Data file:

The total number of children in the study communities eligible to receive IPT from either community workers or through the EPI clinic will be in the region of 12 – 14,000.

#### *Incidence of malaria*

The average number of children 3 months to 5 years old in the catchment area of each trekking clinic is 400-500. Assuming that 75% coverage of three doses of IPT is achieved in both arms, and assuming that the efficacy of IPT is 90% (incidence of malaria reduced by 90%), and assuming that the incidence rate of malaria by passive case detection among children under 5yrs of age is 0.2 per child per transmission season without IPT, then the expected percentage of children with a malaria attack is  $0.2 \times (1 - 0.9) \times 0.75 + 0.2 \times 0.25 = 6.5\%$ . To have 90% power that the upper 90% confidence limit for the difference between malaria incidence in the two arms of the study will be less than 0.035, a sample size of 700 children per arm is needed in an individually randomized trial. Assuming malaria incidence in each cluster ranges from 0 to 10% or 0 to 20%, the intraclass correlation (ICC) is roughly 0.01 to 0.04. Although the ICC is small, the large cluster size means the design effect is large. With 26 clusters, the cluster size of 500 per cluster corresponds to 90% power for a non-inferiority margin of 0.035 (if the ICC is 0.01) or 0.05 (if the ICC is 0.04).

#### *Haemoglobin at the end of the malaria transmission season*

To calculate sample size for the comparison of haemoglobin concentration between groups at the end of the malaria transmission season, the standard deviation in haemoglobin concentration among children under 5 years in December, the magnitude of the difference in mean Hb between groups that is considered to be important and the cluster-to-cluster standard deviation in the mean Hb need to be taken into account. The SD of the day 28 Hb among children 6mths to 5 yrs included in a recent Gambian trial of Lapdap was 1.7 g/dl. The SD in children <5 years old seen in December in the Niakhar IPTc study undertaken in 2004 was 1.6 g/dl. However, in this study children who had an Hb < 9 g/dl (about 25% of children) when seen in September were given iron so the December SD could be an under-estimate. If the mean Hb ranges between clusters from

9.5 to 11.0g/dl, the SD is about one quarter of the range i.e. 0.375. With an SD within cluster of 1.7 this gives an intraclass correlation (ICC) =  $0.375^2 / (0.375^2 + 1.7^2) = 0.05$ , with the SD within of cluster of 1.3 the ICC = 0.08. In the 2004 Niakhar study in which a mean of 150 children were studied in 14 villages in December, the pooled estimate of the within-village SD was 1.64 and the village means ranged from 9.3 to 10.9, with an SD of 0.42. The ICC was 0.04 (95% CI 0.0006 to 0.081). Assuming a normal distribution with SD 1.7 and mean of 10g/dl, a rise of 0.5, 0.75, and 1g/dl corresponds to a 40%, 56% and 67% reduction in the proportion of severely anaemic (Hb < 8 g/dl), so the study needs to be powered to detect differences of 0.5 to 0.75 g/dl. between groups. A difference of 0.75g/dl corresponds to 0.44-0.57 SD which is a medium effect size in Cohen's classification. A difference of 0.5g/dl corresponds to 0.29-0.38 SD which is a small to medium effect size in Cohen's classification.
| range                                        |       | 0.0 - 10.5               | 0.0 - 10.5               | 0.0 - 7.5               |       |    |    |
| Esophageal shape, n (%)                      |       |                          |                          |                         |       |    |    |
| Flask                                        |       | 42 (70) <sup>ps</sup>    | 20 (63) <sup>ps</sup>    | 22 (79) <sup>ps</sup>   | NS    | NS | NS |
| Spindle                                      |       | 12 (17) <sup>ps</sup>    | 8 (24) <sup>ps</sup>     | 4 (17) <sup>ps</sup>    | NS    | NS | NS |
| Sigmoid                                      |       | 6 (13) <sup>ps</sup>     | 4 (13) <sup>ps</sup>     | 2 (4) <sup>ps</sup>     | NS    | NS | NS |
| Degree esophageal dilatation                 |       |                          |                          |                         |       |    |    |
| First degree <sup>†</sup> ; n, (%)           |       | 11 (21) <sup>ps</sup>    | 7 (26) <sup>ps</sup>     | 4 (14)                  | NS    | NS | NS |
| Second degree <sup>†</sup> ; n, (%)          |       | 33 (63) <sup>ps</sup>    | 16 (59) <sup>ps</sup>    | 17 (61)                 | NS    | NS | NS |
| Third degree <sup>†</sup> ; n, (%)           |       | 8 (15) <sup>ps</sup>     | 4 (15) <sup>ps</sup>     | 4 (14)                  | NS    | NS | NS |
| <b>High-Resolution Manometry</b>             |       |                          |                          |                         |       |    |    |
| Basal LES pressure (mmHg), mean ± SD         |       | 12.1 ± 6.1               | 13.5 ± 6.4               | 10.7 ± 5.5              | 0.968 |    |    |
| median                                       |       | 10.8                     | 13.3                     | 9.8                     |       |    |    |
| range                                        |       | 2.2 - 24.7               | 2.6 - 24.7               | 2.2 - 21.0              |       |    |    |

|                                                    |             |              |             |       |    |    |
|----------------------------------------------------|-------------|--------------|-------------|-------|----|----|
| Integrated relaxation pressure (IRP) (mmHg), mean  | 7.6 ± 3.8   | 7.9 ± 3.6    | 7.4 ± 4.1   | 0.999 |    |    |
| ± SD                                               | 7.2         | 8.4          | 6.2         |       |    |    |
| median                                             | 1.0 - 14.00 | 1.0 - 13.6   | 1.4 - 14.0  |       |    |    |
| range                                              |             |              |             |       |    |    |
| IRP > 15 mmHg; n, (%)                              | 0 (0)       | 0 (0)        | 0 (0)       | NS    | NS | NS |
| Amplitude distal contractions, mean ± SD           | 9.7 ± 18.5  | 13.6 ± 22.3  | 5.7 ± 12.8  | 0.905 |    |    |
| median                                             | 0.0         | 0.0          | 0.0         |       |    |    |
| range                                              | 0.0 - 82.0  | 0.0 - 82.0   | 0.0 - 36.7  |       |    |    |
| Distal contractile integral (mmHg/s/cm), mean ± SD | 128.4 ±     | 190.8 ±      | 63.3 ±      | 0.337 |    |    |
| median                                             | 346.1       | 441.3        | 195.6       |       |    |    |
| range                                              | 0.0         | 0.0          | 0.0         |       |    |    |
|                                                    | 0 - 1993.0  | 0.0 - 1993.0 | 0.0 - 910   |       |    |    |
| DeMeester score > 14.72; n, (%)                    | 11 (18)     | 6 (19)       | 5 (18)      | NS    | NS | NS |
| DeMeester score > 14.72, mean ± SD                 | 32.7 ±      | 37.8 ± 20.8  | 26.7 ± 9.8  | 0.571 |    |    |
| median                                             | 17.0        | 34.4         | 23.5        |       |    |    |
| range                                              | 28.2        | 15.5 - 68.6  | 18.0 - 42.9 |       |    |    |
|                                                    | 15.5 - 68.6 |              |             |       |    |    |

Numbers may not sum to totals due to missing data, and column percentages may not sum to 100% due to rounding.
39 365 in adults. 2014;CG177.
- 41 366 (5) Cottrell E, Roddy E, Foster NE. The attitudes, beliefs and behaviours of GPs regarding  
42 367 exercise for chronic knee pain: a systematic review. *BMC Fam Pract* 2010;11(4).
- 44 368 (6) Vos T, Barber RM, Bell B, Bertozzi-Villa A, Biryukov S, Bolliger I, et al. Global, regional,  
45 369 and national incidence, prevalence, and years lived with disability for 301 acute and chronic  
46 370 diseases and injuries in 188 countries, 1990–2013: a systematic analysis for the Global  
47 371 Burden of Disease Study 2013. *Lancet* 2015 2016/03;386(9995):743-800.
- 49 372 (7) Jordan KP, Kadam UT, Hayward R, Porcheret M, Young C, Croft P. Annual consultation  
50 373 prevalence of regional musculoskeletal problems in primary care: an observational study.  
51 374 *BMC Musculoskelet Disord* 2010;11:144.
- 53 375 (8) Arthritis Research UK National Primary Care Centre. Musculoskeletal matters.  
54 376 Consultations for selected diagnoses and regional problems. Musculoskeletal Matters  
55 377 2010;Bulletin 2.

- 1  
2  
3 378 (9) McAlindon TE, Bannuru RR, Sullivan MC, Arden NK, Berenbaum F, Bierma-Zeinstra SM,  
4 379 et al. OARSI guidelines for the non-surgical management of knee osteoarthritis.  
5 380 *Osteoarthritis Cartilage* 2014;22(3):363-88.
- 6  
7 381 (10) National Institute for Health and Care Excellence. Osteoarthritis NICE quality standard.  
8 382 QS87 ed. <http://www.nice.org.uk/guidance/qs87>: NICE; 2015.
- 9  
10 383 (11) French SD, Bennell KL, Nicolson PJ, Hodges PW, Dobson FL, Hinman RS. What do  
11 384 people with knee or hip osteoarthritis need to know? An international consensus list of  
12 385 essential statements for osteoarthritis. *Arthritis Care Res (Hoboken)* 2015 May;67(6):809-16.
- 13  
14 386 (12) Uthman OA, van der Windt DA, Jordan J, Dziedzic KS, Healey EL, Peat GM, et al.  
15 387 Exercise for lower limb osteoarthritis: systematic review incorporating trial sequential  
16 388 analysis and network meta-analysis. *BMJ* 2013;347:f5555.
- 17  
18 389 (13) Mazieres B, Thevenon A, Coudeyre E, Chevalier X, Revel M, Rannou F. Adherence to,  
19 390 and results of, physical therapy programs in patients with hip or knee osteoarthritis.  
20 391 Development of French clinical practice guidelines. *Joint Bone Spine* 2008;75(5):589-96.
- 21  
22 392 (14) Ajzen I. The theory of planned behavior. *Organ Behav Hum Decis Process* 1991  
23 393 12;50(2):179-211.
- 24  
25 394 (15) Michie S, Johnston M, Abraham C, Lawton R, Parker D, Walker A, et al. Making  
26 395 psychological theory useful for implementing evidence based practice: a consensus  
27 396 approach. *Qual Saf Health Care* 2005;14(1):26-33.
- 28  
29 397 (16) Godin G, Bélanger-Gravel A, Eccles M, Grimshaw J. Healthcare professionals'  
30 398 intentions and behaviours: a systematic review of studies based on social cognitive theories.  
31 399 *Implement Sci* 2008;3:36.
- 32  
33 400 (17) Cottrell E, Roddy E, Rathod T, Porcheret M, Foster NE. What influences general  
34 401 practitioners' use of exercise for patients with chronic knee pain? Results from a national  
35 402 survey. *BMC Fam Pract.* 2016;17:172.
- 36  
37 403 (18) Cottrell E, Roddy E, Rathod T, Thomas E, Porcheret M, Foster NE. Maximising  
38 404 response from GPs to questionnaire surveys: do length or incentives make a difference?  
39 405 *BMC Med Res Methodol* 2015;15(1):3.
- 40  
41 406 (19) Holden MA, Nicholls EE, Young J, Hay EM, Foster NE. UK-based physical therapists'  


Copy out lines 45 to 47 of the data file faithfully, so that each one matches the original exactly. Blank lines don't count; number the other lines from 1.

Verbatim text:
46 370 diseases and injuries in 188 countries, 1990–2013: a systematic analysis for the Global  
47 371 Burden of Disease Study 2013. *Lancet* 2015 2016/03;386(9995):743-800.
- 49 372 (7) Jordan KP, Kadam UT, Hayward R, Porcheret M, Young C, Croft P. Annual consultation  